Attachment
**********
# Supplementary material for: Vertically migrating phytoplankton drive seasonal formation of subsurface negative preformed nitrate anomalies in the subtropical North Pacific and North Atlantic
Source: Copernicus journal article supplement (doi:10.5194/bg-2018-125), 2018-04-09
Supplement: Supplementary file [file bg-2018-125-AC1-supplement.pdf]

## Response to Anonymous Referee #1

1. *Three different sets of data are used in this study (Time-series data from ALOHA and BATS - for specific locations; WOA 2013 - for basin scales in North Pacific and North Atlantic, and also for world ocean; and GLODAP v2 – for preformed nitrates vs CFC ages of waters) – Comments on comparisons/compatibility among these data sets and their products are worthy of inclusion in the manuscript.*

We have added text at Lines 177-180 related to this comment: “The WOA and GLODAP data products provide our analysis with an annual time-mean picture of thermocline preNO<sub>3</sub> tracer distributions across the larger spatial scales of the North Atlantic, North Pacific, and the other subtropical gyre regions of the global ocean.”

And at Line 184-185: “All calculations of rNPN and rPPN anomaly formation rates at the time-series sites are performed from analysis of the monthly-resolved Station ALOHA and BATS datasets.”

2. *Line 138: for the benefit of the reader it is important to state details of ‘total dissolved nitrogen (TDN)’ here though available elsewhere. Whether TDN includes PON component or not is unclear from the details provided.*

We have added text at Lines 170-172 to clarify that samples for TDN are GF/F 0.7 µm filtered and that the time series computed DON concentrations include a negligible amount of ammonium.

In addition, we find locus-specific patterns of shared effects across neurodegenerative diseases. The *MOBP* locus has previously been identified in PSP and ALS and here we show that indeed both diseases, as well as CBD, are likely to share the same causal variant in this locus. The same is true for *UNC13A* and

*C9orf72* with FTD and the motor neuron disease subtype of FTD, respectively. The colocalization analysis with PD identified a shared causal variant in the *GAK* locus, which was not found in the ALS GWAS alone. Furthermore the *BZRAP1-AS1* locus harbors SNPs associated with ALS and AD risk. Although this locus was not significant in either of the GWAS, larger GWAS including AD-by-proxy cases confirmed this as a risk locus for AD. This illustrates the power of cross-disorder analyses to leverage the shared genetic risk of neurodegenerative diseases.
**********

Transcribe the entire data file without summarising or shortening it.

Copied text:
# Supplementary material for: Vertically migrating phytoplankton drive seasonal formation of subsurface negative preformed nitrate anomalies in the subtropical North Pacific and North Atlantic
Source: Copernicus journal article supplement (doi:10.5194/bg-2018-125), 2018-04-09
Supplement: Supplementary file [file bg-2018-125-AC1-supplement.pdf]

## Response to Anonymous Referee #1

1. *Three different sets of data are used in this study (Time-series data from ALOHA and BATS - for specific locations; WOA 2013 - for basin scales in North Pacific and North Atlantic, and also for world ocean; and GLODAP v2 – for preformed nitrates vs CFC ages of waters) – Comments on comparisons/compatibility among these data sets and their products are worthy of inclusion in the manuscript.*

We have added text at Lines 177-180 related to this comment: “The WOA and GLODAP data products provide our analysis with an annual time-mean picture of thermocline preNO<sub>3</sub> tracer distributions across the larger spatial scales of the North Atlantic, North Pacific, and the other subtropical gyre regions of the global ocean.”

And at Line 184-185: “All calculations of rNPN and rPPN anomaly formation rates at the time-series sites are performed from analysis of the monthly-resolved Station ALOHA and BATS datasets.”

2. *Line 138: for the benefit of the reader it is important to state details of ‘total dissolved nitrogen (TDN)’ here though available elsewhere. Whether TDN includes PON component or not is unclear from the details provided.*

We have added text at Lines 170-172 to clarify that samples for TDN are GF/F 0.7 µm filtered and that the time series computed DON concentrations include a negligible amount of ammonium.

In addition, we find locus-specific patterns of shared effects across neurodegenerative diseases. The *MOBP* locus has previously been identified in PSP and ALS and here we show that indeed both diseases, as well as CBD, are likely to share the same causal variant in this locus. The same is true for *UNC13A* and

*C9orf72* with FTD and the motor neuron disease subtype of FTD, respectively. The colocalization analysis with PD identified a shared causal variant in the *GAK* locus, which was not found in the ALS GWAS alone. Furthermore the *BZRAP1-AS1* locus harbors SNPs associated with ALS and AD risk. Although this locus was not significant in either of the GWAS, larger GWAS including AD-by-proxy cases confirmed this as a risk locus for AD. This illustrates the power of cross-disorder analyses to leverage the shared genetic risk of neurodegenerative diseases.